L-theanine, or called as γ-glutamyl-L-ethylamide or γ-ethylamino-L-glutamic acid, is a unique non-protein amino acid in tea plant (Camellia sinensis (L.) O. Kuntze) (Deng et al., 2008). All theanine that naturally exists in tea plant belongs to L-theanine, D-theanine can only be produced industrially. L-theanine is an important indicator in the quality evaluation of green tea because of the particular umami taste that largely influences the flavor of tea (Yamaguchi and Ninomiya, 2000). The functions of theanine related to food science and human nutrition have been extensively studied since theanine was first discovered in tea plant leaves. Previous studies have shown that theanine can improve memory and learning ability by activating relative central neurotransmitters (Haskell et al., 2008). To a certain extent, theanine can reduce blood-pressure, maintain stability, and promote relaxation and concentration by inhibiting the negative effects of caffeine (Yokogoshi et al., 1995; Kakuda et al., 2000). In addition, theanine performs positive functions in anti-diseases action, including enhancing anti-tumor activity, preventing vascular diseases, and neuroprotection (Rogers et al., 2008; Liu et al., 2009; Zhao and Zhao, 2014). Numerous physiological functions make L-theanine as one of the hot spots in the development and utilization of functional components in tea.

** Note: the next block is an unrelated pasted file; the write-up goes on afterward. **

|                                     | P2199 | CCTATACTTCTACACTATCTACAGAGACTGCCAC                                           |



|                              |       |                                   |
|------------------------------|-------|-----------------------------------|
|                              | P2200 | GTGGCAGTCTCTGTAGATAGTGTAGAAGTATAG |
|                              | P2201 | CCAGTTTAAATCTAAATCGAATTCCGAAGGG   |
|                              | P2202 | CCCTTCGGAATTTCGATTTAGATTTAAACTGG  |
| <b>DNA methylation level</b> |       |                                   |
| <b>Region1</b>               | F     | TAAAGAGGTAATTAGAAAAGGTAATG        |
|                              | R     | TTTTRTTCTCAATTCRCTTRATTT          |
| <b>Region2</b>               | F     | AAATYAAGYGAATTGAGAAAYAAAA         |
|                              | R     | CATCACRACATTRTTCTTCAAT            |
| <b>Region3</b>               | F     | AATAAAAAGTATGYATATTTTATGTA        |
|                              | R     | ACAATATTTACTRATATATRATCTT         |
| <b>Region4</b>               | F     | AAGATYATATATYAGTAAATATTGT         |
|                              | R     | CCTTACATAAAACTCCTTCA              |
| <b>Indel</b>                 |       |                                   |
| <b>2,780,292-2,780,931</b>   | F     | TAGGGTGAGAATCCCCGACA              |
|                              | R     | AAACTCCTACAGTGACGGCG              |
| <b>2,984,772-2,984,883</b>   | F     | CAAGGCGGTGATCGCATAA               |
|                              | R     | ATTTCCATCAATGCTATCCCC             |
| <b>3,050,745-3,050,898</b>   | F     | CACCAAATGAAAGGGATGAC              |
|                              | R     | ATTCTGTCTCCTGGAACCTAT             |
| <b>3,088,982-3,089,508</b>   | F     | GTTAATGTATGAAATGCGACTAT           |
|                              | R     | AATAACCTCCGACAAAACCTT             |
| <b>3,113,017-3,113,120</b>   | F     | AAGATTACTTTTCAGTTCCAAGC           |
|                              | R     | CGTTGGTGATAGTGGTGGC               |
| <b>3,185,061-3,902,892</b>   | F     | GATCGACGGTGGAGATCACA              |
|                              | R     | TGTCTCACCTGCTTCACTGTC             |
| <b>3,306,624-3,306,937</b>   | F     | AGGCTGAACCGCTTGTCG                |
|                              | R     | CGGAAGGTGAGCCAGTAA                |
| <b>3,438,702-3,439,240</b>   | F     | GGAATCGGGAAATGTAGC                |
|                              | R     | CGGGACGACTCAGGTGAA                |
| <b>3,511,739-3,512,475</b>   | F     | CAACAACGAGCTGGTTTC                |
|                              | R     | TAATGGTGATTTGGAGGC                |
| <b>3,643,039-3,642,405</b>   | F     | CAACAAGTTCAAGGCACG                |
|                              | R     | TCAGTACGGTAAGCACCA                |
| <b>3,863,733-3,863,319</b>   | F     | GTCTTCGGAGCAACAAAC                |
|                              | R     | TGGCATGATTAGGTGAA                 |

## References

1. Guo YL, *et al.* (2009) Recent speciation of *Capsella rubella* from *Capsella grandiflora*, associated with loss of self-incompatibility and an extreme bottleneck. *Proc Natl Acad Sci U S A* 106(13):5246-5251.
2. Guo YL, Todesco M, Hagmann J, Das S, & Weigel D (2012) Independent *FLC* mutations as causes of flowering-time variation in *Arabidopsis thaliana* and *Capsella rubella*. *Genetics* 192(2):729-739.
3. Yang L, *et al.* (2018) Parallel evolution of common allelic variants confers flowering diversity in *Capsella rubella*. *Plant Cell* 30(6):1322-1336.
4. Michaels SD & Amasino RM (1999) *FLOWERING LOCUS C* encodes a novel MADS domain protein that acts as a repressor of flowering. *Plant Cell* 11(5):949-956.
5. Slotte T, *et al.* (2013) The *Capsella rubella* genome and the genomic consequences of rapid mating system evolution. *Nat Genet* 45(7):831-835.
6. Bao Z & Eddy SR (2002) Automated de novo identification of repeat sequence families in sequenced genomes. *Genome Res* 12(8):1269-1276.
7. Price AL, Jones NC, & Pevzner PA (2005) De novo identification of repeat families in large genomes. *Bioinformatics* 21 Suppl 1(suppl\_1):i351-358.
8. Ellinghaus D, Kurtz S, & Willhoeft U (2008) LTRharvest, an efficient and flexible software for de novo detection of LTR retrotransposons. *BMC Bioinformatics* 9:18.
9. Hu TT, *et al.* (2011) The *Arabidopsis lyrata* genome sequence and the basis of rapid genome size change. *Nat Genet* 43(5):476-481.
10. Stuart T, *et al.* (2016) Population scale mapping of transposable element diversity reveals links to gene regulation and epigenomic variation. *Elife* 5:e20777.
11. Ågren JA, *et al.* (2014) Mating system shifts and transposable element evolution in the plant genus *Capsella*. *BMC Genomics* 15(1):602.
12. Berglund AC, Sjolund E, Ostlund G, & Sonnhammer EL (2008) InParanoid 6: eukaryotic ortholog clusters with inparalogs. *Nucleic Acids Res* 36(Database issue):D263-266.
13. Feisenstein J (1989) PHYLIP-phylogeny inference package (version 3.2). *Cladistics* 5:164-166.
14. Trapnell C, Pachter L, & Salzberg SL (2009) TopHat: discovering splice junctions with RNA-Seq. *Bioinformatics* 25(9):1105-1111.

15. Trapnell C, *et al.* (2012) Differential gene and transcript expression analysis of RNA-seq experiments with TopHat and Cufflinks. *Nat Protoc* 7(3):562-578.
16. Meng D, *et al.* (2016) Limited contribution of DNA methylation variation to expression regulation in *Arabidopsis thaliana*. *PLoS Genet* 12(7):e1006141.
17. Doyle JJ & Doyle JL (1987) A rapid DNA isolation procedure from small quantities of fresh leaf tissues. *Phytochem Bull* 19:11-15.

As an important and highly abundant free amino acid in tea plants, L-theanine, almost can be detected in all tissues (Deng et al., 2009). However, L-theanine content in tea plants considerably varies among different cultivars and tissues. For example, the tea plant cultivars with small leaf contain higher amino acid contents than the cultivars with large leaf (Jiang, 2013). The small-leaf tea cultivars are suitable for producing the green tea, and the large-leaf cultivars are used to process the black tea (Wu et al., 2014). In general, the theanine content of the young leaves is the highest, and followed by the old leaves, root, and stem (Selvendran and Selvendran, 1973). Within a year, the theanine content is the highest in spring, and then decreases gradually, after which it rises during autumn to a certain degree. In winter (dormancy period), the theanine in tea plant is accumulated and stored in the root. Until to the March and April of the next year (germination period), theanine shifts to shoots and remains at a relative low level in roots until to August (Takeo, 1979). Moreover, L-theanine content is influenced by natural environmental conditions, such as light intensity and concentration of ammonia (Ashihara, 2015).